Published online by Cambridge University Press: 01 September 2009
The practice of medicine is an art, not a trade; a calling, not a business; a calling in which your heart will be exercised equally with your head.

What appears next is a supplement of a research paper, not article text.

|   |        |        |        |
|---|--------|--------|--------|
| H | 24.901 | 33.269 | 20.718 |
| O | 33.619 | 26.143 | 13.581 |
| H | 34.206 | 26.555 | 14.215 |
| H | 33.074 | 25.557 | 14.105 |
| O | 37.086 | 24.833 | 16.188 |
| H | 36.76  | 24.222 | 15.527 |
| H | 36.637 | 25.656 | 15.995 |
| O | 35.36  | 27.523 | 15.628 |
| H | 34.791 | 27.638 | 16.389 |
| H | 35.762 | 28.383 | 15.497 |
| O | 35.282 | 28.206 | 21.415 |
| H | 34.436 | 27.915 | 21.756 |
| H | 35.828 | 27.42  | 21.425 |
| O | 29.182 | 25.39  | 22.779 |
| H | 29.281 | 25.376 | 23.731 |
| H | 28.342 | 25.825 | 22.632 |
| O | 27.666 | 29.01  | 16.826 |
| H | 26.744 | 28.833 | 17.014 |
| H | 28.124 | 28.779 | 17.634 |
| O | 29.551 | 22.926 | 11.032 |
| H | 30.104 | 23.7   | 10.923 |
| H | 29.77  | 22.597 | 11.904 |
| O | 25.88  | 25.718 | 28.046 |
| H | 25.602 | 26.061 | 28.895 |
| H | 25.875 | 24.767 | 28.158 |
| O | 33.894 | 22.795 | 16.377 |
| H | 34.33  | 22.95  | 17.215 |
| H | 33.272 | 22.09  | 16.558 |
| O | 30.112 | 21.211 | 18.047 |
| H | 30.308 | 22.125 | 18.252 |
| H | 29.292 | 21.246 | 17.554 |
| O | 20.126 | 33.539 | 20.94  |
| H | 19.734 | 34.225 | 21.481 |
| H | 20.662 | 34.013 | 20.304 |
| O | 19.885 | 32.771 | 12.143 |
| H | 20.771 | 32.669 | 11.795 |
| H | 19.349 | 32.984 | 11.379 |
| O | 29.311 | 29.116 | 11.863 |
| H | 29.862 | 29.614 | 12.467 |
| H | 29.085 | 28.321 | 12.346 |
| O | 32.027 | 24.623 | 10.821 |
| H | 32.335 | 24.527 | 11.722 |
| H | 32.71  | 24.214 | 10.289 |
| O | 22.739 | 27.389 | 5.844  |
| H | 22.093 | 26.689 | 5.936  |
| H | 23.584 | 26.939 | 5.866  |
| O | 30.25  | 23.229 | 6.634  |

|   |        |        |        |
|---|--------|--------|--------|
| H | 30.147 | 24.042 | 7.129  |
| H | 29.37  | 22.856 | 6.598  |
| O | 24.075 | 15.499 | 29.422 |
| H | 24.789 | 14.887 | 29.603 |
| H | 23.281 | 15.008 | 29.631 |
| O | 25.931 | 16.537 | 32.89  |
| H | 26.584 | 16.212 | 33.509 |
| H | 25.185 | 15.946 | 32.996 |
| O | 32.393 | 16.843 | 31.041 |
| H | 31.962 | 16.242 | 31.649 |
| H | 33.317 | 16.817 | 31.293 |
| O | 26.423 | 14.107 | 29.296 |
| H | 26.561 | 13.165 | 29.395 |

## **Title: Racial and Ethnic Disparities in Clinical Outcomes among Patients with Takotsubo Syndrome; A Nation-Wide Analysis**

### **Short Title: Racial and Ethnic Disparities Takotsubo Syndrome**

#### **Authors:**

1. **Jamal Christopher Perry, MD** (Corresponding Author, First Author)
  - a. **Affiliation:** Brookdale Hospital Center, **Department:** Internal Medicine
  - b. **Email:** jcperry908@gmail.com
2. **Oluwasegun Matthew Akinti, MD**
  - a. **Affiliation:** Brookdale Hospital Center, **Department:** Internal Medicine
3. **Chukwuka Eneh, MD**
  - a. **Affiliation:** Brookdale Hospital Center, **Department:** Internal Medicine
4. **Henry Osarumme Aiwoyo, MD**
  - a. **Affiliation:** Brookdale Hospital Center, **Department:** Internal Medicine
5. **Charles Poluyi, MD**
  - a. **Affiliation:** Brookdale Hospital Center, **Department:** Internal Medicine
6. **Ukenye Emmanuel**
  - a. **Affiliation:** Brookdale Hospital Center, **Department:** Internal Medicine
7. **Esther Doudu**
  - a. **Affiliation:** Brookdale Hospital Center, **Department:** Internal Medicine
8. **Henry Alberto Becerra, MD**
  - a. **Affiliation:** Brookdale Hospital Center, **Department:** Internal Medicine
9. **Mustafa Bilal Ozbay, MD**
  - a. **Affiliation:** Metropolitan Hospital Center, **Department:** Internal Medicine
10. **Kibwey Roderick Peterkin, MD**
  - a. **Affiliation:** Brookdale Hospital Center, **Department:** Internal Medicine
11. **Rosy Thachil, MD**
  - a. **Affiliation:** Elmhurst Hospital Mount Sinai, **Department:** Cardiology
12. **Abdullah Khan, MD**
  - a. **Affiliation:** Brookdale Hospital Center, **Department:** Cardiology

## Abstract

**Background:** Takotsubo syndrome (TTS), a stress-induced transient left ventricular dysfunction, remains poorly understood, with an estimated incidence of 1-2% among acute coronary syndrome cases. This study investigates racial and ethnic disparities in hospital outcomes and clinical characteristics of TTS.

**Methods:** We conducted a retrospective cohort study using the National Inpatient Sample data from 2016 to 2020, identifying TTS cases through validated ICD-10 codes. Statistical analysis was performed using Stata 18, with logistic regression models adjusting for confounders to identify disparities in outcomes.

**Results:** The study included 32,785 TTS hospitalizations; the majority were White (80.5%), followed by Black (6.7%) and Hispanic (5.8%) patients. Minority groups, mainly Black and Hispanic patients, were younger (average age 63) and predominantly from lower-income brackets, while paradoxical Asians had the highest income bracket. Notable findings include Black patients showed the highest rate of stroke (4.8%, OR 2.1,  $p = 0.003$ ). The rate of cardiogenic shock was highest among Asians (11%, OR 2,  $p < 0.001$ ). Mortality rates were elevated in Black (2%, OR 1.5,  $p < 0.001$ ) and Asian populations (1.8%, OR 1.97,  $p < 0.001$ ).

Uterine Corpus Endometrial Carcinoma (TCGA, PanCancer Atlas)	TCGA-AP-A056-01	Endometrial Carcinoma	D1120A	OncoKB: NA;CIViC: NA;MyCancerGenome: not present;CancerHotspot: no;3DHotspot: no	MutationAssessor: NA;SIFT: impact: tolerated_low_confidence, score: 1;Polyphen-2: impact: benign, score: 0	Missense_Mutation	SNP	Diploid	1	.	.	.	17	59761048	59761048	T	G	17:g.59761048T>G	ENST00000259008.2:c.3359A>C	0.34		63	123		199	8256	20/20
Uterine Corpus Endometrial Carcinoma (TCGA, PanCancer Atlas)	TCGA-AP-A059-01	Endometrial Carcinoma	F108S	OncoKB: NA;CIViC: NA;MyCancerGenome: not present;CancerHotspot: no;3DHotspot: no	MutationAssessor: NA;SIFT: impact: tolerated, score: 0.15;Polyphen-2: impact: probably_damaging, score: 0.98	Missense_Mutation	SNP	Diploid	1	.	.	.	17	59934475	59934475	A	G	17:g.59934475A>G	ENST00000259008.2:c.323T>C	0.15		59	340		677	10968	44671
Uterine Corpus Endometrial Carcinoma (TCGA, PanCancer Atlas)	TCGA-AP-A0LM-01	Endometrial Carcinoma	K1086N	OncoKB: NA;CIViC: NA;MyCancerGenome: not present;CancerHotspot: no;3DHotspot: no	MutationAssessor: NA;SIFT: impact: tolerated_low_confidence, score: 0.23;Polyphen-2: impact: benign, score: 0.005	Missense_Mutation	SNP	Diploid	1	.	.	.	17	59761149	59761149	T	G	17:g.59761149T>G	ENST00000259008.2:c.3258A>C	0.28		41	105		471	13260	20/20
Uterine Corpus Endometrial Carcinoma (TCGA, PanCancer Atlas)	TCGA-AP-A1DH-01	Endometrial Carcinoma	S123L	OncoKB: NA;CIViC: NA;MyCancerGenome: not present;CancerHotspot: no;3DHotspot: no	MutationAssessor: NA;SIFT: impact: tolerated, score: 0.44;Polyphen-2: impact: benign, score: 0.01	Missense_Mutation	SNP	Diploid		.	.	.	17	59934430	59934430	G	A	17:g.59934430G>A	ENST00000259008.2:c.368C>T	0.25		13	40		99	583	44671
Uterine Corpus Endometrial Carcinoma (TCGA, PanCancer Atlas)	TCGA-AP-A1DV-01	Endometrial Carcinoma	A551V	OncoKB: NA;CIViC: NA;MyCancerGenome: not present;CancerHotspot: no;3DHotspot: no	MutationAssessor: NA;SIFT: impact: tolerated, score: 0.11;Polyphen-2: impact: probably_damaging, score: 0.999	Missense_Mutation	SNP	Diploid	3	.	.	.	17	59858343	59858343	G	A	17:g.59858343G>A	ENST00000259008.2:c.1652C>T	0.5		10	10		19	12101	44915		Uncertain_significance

This book is about education. While the subject is about teaching and learning professionalism, the authors discuss how best to educate the physicians of the future who will be responsible for much of the health and well-being of their fellow citizens. While medical education often appears to have developed in isolation from the formal world of pedagogy, medical students are adult learners and the science of cognition applies to them as it does to other learners. Through the centuries, we have come to understand a great deal about education, but there is still much that we do not know and probably will never fully comprehend. For a period of time, both general and medical education placed great emphasis on the acquisition of knowledge and skills. In our knowledge-based world, this is certainly appropriate, as one cannot function without a minimal level of knowledge. However, recent times have seen a return to an earlier belief that education represents more than facts and figures. It has been said that education is what remains after what has been learned has been forgotten. Michael Polanyi, that wonderful combination of chemist and philosopher, coined the term “tacit knowledge” to help us understand this phenomenon. He stated that “one knows things which one cannot tell.” Tacit knowledge is acquired through experiencing a broad spectrum of life's challenges.
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